The History of Coating and Film Formers

The state-of-the-art coating process, which uses semi-synthetic or fullysynthetic polymers as a film former on pharmaceutical products, originated in the 1950s, although the first time medication had been coated with plant seed slime dates back more than 1000 years and was used by the physician Rhazes in Bagdad (850 – 923 n. Chr.) [7]. The use of polymers mainly with alcoholic solutions – which was still common practice decades ago – has been largely repressed due to the involved risks, e.g. explosion hazard due to their volatile nature. Today polymers are often processed in aqueous dispersion, aqueous slurry, or aqueous solution. Examples for water soluble film formers, which are approved for the food industry and thus also for dietary supplements, are hydroxypropyl methyl cellulose (HPMC), methyl cellulose (MC), and polyvinyl alcohol (PVA) among others, however, natural agents, such as shellac, are also frequently used for dietary supplements [8]. Some polymers have the advantage to remain stable even in a low pH-environment (compare to gastric acid, which has a pH value of 2 – 4) and only dissolve in a pH neutral environment (= resistance to gastric juice, example: shellac). Additives such as talcum help to prevent tearing of the film during film coating. Wetting agents as e.g. polyethylene glycol (PEG) are added to improve the elasticity of the film [2].

Colored Film Coatings

Coloring the coated substrate serves not only aesthetic purposes, but also allows easier identification. Synthetic colorants, such as azo dyes, become less and less popular among consumers and manufacturers and/or they are partly no longer approved for use in dietary supplements. Natural colorants, as for example carmine, riboflavin (yellow) or spirulina (green), may even enhance the product features [2], and due to their natural origin they are widely accepted by consumers. A slight disadvantage of natural colorants, however, is their varying color and sensitivity. They may fade faster and change color along with temperature changes.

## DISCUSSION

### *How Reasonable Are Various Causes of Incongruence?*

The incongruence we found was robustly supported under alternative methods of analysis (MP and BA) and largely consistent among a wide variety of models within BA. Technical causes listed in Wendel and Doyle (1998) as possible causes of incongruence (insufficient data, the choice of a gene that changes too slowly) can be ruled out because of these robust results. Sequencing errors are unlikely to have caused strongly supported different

Requirements on the Substrate to be Film Coated

Prior to the actual film coating process the dust remainders must be removed from the tablets and oil residue from the soft capsules. Requirements on the tablet core include low porosity, minor friability, i.e. abrasion resistance of the tablet with respect to mechanical strain (preferably < 0.1 % of the tablet core weight) and a tablet hardness of 80 Newton. A single tablet that is too soft and crumbles in the coating device, may result in a completely ruined batch [3]. Along those lines, the soft capsules must be a sturdy and suitable base material, which means they must have a pressure resistant shell. Furthermore, the soft capsules must have tight seams, since a leaking oily substance will affect the coating process quite negatively. The suitability of soft capsules for film coating can also be determined by the quantity of the – usually wanted – surface oil; in other words they may need further treatment (removal of surface oil). Therefore we recommend close inspection of the soft capsules prior to their release for coating. Coating of hard capsules is possible, however, absolutely tight capsule closing without banding, prior to the coating process, can hardly be realized.